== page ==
Energy's Foolish Future: Renewables

This article is part two of a two-part series on why the U.S. needs both fossil fuels and alternative energy sources, and how savvy investors can benefit from both.

Fossil fuels are still the dominant energy sources in our country, but environmental concerns and the need for sustainable energy have companies looking for other alternatives. Renewable energy is still a burgeoning industry, but big companies are investing time and money into renewables. Investors would be smart to do the same.

Just because it's hard, doesn't mean it isn't worth it
"Renewable energy" is a broad term, so let's narrow it down to two renewable-energy sectors that get the most attention ­-- solar and wind. Both are traveling some long and difficult roads as they make their way to becoming bona fide energy sources. But the first to travel untrodden paths are always bound to suffer a few missteps.

Solar companies have had a hard go of it, and I've had my doubts about their current stability. Both First Solar's (NASDAQ: FSLR  ) and SunPower's (NASDAQ: SPWR  ) net income fell into the red last year, after two years of profitability. Two companies don't represent the industry as a whole, but coupled with Solyndra's public failure, they paint a pretty accurate picture of how solar is doing for small companies. Cheap solar panels from China forced small solar companies to drop their prices, which ate into their profits.

Similarly, wind has seen its share of setbacks recently, largely at the hands of cheap natural gas. Even T. Boone Pickens, one of the strongest proponents of wind power, sold his wind farm back in October and cited the price of natural gas when he talked to CNN.

Renewables make up a young industry, and they need help. To put it bluntly, solar and wind need help from the government. Energy subsidies get a bad rap from opponents of renewables, claiming that the need for public aid shows these energy sources aren't worth it. But this argument misses the 800-pound gorilla in the room: the fossil fuel subsidies that already exist.

In 2010, worldwide subsidies for fossil fuels hit as much as $750 billion, according to the International Energy Agency and the U.S. Natural Resources Defense Council. These subsidies include things such as tax incentives for production, purchase requirements for energy sources, research and development, the subsidizing of certain energy sources, partial government ownership, and many others. And compared with fossil fuel subsidies, renewable energy received a much lower $66 billion in the same year. In fact, adjusting for inflation, the U.S. government is giving less in new energy subsidies than ever before, according to a report by capital ventures company DBL Investors.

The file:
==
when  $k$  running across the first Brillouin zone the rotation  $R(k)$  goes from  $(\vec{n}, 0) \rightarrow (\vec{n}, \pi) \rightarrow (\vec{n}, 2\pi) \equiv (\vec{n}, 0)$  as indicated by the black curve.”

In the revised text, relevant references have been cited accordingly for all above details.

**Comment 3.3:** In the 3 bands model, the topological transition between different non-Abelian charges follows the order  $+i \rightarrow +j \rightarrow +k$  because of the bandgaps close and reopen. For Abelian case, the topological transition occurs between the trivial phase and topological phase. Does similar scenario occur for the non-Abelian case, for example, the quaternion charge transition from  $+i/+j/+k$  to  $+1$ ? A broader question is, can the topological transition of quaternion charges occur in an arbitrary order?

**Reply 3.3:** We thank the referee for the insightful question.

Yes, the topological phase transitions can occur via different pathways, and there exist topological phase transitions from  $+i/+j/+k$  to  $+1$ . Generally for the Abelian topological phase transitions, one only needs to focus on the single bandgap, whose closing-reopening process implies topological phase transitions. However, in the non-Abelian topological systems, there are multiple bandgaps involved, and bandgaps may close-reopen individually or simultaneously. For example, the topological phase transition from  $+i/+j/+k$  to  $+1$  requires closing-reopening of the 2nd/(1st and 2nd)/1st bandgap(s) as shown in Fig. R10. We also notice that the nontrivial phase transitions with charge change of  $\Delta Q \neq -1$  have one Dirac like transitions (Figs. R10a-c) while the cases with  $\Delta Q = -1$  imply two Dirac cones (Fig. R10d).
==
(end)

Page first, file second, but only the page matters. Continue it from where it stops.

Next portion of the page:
Both the solar and wind industries caught a break recently, when Congress voted on a fiscal deal that included extending tax credits for the two renewables. Wind-energy production projects receive a tax credit of 2.2 cents per kilowatt-hour until the end of year, and wind-energy proponents are pushing for further credits into 2019. The fiscal cliff deal also included a tax credit extension for solar-power production and the option for both wind and solar companies to choose a 30% investment tax credit instead of the per-kilowatt-hour credit.

It's true that fossil fuels produce more energy than renewables do, but the argument that renewable sources such as solar or wind are receiving too many government subsidies doesn't hold up when compared with fossil fuel subsidies.

Fossil fuels needed time to grow, and so do renewables
Last year, renewable energy accounted for about 13% of all electricity generation in our country. The same amount of electricity came from natural gas back in 1993. Today, natural gas accounts for 25% of all of our electricity needs and could produce 30% in 2040. That means it will possibly take natural gas 47 years to go from 13% electricity generation to 30% of generation.

If we'd given up on natural gas decades ago because it wasn't holding a large enough percentage of our electricity production, we'd be missing out on a resource that now provides a quarter of our electricity. All energy resources need time to develop, and renewables are no different.

The renewables revolution
For the foreseeable future, the fate of renewables may lie in the most unconventional hands -- the oil companies. Earlier I mentioned SunPower, which is 60% owned by Europe's third-largest oil producer, Total (NYSE: TOT  ) , which purchased its stake in SunPower for $1.38 billion two years ago. The company has been researching solar power since the early 1980s and biofuels since 1993. Total has also partnered with Amyris to produce renewable diesel and jet fuel from plant sugars, for commercial sale.